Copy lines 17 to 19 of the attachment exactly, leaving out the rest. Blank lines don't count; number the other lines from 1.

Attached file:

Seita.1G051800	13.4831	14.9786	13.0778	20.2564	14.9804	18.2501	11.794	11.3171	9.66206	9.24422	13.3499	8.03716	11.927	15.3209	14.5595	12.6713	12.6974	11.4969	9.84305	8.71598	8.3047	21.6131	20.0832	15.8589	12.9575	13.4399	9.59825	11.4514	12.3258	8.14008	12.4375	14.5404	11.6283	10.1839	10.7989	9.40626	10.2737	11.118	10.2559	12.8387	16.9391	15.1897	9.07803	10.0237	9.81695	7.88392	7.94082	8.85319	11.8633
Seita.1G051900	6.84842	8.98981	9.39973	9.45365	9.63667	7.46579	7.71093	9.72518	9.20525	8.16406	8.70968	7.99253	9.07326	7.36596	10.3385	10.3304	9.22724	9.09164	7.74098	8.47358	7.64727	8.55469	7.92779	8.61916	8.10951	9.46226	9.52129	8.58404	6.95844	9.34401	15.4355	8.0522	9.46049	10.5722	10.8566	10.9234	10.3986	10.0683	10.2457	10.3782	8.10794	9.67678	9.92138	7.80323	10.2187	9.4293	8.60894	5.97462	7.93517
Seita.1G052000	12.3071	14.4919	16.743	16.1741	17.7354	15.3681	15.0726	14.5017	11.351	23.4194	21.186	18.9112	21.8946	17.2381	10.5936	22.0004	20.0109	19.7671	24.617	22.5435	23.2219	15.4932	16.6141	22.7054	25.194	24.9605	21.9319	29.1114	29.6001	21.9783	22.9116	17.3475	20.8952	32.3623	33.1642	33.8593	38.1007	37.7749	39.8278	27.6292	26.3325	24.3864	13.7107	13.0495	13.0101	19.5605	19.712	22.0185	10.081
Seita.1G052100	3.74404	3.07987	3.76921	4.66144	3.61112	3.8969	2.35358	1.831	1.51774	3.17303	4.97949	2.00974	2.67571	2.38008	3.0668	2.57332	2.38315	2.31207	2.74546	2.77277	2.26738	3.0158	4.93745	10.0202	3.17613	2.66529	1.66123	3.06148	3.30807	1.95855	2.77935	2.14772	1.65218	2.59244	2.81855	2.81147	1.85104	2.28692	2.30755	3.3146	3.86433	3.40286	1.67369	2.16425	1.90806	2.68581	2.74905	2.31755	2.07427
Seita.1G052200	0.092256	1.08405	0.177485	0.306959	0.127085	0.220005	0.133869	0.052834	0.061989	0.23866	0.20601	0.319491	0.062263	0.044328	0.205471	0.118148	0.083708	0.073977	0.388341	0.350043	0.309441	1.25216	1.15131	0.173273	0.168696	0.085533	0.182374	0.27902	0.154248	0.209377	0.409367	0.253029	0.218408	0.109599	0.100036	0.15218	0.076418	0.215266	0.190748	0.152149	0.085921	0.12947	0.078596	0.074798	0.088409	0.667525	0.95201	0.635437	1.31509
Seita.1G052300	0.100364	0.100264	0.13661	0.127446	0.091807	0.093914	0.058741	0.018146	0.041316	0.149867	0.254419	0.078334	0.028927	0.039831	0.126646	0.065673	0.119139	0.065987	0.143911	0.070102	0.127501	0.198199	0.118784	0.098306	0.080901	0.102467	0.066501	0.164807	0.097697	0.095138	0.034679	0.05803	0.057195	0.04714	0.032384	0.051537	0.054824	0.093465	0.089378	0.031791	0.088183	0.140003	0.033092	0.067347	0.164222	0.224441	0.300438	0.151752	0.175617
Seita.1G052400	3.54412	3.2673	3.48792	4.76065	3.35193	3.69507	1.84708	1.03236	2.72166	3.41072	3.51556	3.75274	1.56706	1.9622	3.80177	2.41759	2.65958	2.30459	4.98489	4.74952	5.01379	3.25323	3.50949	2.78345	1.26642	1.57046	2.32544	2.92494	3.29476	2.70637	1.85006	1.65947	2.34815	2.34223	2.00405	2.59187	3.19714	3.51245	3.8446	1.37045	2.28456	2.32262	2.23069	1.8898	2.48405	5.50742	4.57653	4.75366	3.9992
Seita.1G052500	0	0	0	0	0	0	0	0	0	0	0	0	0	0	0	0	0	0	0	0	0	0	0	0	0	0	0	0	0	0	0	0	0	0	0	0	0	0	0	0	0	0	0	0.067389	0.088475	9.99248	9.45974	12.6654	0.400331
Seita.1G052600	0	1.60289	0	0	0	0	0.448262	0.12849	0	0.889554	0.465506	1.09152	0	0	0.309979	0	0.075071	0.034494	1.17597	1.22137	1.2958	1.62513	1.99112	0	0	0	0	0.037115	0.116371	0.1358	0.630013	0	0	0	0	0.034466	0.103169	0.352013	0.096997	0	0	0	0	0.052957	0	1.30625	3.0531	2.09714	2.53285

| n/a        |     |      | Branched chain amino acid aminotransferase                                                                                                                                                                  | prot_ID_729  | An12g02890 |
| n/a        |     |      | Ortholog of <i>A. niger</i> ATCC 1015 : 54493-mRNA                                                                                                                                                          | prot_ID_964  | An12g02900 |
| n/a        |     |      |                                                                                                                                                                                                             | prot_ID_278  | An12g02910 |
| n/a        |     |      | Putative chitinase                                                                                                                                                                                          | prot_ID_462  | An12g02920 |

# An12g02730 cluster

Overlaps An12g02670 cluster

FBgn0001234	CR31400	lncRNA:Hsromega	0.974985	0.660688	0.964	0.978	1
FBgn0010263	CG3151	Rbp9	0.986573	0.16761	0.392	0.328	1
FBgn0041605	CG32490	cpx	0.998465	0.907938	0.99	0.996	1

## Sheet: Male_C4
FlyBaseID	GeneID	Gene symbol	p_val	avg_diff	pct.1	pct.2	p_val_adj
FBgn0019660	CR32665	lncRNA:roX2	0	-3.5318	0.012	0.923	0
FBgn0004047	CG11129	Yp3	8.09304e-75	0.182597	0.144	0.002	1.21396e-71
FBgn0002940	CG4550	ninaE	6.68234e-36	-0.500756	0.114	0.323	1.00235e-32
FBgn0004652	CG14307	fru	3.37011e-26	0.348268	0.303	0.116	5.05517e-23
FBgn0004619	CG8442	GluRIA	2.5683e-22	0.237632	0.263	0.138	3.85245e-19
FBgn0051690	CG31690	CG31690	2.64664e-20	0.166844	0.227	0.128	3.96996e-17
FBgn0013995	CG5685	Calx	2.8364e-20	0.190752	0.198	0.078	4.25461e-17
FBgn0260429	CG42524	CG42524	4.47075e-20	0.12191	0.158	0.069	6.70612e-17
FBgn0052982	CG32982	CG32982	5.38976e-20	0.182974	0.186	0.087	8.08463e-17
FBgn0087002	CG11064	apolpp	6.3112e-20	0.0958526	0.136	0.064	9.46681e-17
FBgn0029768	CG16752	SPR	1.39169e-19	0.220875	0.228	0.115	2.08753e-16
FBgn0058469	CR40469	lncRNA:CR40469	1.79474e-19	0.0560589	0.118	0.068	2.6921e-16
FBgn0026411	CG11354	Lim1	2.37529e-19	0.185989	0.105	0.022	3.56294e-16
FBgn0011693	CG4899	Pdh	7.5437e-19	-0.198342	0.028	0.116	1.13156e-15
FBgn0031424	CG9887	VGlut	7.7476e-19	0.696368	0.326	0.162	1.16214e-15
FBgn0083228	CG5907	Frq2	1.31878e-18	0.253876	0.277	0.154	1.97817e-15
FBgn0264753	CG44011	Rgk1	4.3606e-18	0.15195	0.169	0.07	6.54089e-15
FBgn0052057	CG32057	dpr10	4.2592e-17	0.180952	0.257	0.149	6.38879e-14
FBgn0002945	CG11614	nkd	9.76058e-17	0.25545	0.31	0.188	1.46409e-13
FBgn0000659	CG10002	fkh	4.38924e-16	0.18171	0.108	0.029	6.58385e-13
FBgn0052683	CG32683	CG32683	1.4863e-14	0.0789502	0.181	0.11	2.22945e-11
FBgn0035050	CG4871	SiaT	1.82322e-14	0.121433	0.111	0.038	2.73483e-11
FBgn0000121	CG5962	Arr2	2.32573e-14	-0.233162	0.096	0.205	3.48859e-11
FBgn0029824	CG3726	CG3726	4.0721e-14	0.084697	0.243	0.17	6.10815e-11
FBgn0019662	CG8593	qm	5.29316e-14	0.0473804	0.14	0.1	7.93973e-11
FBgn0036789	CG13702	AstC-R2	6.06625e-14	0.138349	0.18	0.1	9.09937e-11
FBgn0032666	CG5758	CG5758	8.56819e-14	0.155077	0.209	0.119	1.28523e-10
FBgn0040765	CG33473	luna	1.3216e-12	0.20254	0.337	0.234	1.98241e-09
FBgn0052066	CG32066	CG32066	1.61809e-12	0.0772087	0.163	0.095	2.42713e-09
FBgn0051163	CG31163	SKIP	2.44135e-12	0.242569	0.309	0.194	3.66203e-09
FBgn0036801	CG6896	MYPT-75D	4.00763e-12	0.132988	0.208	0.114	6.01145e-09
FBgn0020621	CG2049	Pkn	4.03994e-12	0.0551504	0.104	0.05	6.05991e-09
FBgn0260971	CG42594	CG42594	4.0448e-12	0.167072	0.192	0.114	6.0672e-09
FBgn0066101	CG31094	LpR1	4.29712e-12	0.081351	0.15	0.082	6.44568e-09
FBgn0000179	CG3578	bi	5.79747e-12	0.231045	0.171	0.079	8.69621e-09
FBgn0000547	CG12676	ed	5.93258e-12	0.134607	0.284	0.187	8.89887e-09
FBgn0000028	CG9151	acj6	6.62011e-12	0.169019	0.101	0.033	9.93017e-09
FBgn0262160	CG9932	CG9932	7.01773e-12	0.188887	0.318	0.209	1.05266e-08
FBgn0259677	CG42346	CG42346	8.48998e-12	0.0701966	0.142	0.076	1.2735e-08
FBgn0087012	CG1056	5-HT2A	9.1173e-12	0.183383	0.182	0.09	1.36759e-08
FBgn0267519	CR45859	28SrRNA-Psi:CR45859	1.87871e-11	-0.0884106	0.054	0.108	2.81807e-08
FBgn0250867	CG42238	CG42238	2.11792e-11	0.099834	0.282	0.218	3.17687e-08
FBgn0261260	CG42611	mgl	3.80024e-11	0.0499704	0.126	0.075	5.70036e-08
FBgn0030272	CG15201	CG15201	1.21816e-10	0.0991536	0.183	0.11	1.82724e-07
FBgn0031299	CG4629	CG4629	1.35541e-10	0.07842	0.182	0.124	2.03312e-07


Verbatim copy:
FBgn0010263	CG3151	Rbp9	0.986573	0.16761	0.392	0.328	1
FBgn0041605	CG32490	cpx	0.998465	0.907938	0.99	0.996	1

## Sheet: Male_C4